Chinese Porcelain


In the West, whiteware ceramics include earthernware, stoneware and porcelain, depending on the composition of the body and the temperature at which it is fired in the kiln.  But in China, only two categories are traditionally recognised, high fired and low fired ceramics.  In the oldest Chinese dictionaries, porcelain is defined as ‘fine, compact pottery’.  In the West, the defining feature of porcelain is usually its translucence, but this is not the case in China. In China, any piece, regardless if it is thick or opaque, would be regarded as porcelain as long as it rang with a reasonably clear note on being struck.

Chinese ceramic wares are also classified as being northern or southern, because the materials used to make ceramic wares greatly differed, especially in the past.  That’s because present day China used to be two separate land masses that came together only during the Continental Drift; the separate masses joined between the Yellow and Yangtze rivers.  In the north, ceramics were made with clays, where in the south, they were made mostly of porcelain stone.  Coal-fueled kilns were used up north to produce the slow, high-temperature firing suitable for clay-rich wares.  In the south, they used wood-fuelled kilns to produce a faster, lower-temperature firing needed for stone-rich wares.


Because in China there is no universally accepted definition of the term porcelain, there is some confusion about when the first Chinese porcelain was produced.  There were porcelaneous wares or proto-porcelain wares, which were made with some kaolin and fired at high temperatures, well before the year 1000 BC.  There is no clear separation between these proto-porcelain wares and true porcelain, but claims for first producing true porcelain have been made for the late Eastern Han period (100 to 200 AD)m the Three Kingdoms period (220 to 280 AD), the Six Dynasties period (220 to 589 AD) and the Tang Dynasty (618 to 906 AD).

Many experts now believe the first true porcelain was made in the province of Zhejiang during the Eastern Han period because there were significant amounts of porcelain-building minerals (china clay, porcelain stone or a combination of the both) found at kiln sites from this time, which are estimated to have been first at between 1260 and 1300 degrees Celsius.

One of the first times porcelain was mentioned by a foreign traveller was in the eighth or ninth century, during the Tang Dynasty, when an Arabian man recorded that ‘They have in China a very fine clay with which they make vases which are as transparent as glass; water is seen through them.  The vases are made of clay.”

During the Sui and Tang periods (581 to 906), a wide range of low-fired and high-fired ceramics were produced including the famous Tang lead-glazed sancai (three-colour) wares and the high-firing lime-glazed Yue celadon wares and low-fired wares from Changsha.  In northern China, the provinces of Henan and Hebei were producing high-fired translucent porcelains.

During the Song and Yuan dynasties, porcelain made in the south at such kiln sites as Jingdezhen was made solely by using crushed and refined porcelain stone.  By the early 18th century, however, china clay was added in about equal porportion to the stone, which produced a porcelain that was very strong and also very white.  Whiteness was a very desirable quality, especially for use in blue and white wares.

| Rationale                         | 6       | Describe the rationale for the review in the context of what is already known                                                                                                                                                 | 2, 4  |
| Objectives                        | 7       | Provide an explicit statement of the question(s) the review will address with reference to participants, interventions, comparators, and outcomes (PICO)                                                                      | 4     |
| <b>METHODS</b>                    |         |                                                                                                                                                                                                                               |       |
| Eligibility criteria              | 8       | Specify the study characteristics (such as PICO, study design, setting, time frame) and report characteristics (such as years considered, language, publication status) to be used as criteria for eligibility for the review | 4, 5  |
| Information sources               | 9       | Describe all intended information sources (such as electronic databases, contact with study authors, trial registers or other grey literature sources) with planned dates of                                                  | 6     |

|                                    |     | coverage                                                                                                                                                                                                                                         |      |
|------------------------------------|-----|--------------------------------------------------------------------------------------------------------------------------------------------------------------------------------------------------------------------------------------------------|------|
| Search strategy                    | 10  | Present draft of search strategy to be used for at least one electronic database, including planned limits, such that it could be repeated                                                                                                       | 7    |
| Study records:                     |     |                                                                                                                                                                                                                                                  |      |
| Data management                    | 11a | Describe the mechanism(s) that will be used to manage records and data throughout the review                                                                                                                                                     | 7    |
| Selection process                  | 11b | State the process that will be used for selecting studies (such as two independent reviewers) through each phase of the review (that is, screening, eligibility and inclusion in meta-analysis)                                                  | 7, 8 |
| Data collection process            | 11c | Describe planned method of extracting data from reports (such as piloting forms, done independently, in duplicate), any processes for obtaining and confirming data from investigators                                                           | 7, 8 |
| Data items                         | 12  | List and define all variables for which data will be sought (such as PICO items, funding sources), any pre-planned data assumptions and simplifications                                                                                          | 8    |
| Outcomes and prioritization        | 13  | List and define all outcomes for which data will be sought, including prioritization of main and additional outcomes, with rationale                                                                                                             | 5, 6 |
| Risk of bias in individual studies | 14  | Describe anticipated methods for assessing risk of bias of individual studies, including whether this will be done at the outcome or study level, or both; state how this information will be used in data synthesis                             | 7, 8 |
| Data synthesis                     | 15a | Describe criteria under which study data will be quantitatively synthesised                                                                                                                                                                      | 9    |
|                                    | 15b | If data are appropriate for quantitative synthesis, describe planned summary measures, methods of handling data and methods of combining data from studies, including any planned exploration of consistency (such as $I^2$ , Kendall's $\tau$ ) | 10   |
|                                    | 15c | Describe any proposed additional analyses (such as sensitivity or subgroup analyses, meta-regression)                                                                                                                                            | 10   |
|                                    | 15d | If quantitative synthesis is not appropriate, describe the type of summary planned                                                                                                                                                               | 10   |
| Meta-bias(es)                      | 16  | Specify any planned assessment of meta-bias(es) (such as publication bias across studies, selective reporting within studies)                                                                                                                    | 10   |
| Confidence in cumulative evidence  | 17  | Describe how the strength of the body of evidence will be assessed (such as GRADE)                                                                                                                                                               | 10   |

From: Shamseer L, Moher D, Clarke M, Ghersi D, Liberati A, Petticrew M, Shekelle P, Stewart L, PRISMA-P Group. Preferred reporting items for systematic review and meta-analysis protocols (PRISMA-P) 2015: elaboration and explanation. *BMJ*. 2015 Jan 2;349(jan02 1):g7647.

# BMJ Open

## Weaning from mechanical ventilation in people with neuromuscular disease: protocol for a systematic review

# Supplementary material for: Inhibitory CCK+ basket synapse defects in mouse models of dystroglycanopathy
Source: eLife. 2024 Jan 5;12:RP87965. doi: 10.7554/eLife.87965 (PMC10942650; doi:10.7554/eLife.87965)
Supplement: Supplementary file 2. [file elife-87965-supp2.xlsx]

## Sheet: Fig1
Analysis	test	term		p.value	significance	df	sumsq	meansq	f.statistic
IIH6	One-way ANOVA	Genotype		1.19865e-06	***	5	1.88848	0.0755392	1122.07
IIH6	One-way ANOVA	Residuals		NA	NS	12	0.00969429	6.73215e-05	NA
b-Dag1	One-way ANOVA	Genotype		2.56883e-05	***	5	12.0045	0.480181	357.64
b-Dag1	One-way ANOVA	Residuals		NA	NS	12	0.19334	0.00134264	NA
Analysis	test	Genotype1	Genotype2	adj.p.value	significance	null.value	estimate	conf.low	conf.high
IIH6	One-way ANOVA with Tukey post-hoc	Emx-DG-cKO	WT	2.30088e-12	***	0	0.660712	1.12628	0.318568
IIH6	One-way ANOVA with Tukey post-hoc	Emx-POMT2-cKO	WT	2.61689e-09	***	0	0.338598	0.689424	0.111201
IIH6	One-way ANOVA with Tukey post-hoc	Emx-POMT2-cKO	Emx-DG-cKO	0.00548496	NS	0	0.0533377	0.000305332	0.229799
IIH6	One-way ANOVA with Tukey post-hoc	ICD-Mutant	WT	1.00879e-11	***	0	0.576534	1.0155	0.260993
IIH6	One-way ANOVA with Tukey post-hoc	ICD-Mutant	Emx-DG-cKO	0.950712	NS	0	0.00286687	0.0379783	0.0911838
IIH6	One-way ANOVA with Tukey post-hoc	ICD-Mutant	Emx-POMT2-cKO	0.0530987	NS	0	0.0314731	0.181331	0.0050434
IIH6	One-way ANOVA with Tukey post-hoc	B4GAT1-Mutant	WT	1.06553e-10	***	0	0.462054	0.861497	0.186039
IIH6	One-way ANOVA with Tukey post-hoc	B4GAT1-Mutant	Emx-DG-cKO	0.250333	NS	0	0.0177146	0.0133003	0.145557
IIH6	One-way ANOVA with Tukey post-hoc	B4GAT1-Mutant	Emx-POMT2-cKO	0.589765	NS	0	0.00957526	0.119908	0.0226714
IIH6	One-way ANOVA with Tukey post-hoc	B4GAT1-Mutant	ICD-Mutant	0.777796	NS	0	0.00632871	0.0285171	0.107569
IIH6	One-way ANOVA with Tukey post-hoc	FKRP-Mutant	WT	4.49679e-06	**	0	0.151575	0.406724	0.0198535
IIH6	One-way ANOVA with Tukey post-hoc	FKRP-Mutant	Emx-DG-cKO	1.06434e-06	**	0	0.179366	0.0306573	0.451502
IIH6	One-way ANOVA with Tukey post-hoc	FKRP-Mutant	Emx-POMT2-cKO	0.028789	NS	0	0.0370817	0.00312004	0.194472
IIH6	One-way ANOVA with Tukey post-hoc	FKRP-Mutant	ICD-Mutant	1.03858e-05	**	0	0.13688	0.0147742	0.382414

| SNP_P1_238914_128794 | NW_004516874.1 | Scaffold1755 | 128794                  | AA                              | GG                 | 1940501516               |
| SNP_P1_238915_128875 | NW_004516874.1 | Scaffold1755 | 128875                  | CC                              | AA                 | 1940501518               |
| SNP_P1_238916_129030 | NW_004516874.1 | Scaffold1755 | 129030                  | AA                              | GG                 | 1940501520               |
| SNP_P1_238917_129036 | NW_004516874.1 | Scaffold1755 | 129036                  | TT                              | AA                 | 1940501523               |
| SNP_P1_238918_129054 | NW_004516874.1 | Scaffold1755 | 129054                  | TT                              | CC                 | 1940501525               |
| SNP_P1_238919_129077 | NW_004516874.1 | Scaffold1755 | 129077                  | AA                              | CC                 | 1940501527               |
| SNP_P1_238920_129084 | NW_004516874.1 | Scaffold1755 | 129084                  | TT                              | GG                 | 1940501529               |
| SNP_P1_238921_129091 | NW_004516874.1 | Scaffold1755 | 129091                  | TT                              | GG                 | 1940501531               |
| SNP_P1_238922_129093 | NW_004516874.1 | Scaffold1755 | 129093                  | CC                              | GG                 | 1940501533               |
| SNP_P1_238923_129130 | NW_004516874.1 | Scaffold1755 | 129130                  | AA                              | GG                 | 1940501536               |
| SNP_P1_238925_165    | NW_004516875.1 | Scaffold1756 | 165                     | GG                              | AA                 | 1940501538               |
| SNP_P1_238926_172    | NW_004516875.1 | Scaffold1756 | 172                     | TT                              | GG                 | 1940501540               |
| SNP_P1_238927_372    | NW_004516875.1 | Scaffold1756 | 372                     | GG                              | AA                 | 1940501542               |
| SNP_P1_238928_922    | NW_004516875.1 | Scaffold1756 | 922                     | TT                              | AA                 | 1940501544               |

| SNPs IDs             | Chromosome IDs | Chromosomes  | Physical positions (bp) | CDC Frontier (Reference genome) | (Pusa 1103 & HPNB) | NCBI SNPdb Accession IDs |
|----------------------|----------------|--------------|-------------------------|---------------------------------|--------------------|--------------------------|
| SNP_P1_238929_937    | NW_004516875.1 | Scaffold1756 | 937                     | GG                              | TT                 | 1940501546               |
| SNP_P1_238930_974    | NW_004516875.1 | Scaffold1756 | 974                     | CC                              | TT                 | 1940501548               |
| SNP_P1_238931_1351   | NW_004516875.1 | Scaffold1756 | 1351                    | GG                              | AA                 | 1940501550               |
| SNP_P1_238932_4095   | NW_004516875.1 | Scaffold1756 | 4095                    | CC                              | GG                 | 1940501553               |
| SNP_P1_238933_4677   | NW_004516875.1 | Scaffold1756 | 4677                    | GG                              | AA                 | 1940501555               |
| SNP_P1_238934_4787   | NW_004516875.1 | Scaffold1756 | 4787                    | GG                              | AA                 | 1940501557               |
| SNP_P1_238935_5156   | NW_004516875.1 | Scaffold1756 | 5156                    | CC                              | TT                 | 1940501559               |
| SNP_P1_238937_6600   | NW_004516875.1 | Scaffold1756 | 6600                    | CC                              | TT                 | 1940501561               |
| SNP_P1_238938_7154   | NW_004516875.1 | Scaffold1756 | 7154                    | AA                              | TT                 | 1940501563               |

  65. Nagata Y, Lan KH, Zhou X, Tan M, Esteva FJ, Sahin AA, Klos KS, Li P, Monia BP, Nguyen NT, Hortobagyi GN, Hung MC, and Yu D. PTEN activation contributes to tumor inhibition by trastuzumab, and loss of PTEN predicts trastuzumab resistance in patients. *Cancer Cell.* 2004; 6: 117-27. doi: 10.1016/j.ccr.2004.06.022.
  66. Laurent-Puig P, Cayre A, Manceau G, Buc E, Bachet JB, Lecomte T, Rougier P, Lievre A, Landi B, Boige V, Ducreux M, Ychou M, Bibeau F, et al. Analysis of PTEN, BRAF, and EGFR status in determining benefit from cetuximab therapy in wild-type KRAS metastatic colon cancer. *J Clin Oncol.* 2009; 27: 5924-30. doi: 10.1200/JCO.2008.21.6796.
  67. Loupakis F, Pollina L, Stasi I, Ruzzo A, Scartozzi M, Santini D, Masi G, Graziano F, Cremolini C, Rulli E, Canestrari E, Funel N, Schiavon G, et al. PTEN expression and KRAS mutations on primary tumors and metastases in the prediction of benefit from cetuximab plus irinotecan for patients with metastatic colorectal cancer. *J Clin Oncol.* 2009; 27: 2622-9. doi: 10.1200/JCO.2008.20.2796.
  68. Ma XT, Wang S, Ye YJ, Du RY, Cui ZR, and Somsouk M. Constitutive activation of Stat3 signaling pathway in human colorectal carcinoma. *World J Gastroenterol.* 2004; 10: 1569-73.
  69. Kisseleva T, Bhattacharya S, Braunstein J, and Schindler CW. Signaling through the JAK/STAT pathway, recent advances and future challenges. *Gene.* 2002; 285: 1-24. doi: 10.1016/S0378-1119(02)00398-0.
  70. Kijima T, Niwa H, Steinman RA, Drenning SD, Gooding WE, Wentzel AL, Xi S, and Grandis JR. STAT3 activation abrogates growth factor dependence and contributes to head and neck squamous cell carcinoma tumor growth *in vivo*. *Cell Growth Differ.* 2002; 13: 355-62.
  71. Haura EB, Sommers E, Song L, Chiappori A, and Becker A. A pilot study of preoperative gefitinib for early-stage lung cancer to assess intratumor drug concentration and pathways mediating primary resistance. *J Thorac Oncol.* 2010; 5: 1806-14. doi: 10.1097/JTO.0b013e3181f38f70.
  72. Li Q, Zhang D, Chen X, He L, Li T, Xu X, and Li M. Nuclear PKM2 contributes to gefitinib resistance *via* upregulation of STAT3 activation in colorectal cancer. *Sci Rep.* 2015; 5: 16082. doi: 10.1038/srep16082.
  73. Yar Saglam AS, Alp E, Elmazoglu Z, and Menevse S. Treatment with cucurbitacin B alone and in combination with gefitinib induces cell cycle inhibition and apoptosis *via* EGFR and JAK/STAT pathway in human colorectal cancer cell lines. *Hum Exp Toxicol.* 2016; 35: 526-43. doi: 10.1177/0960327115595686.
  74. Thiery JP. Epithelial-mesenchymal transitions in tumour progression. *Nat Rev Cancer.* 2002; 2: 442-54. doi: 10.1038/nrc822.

Porcelain bodies made from stone alone fire at a lower temperature of about 1250 Celcius, while those made from a mixture of china clay and porcelain stone first at about 1350 degrees Celcius. The temperatures within the large, egg-shaped kilns typically used in the south greatly vary depending on where the work was placed.  When artists began mixing clay and stone, they could produce works for different areas in the kiln for greater efficiency; they made clay-rich wares to fire at the hot end of the kiln near the firebox, and stone-rich wares to fire near the chimney were it was cooler.


Since the early Han Dynasty the city of Jingdezhen has been an important centre for the production of ceramics in southern China.  At first, the area produced low-fired wares, but by the time of the Southern and Northern Dynasties (420 to 589), raw materials found locally were being used to produce a form of porcelain.  In the year 1004, under the Song emperor Jingde, the newly-named city of Jingdezhen was named as the production centre for Imperial porcelain.  Detailed descriptions of manufacturing processes at Jingdezhen during the Qing Dynasty are still in existence, including a memoir written by Tang Ying and the letters of Pere d’Entrecolles,

This Jesuit missionary, Pere Francois Xavier d’Entrecolles, was also an industrial spy, although he denied the charge.  Two letters he wrote give important details about how porcelain wares were produced in the later years of the reign of the Kangxi emperor, which was an important period in the history of Chinese ceramics.  In the first letter, written in 1712, the priest described how porcelain stone was crushed, refined and shaped into little white bricks known in Chinese as petuntse or baidunzi.  He also described the refining of china clay, known as kaolin or Gaoling, and the preparation of glazes, and the stages of forming, glazing and firing porcelain wares.  When asked why he had provided such details in his letters to Europe, Pere d’Entrecolles said that ‘Nothing but my curiosity could have prompted me to such researches, but it appears to me that a minute description of all that concerns this kind of work might, somehow, be useful in Europe.”

Another man documented the secrets of porcelain making a few years later.  In 1743, during the reign of the Qianlong emperor, Tang Ting, the imperial supervisor at Jingdezhen created a manuscript entitled ‘Twenty illustrations of the manufacture of porcelain’.  The original illustrations have been lost, but the text is still accessible, together with photographs replacing the illustrations and additional commentary.

Jingdezhen was the main production centre of porcelain exported to Europe; trade was already booming during the reign of the Wanli emperor from 1572 to 1620.

Notable Chinese porcelean wares

Tang sancai burial wares featured representations of camels and horses, for example, which were cast in sections, in moulds, and then put together with a clay slip.  Sometimes, the finished pieces had hand-carved details to add individuality. Tang sancai wares were northern wares made using white and buff-firing secondary kaolins and fireclays.  The clays used for burial wares were similar to those used by Tang potters for the bodies of high-fired whitewares, but the burial wares were fired at lower temperatures.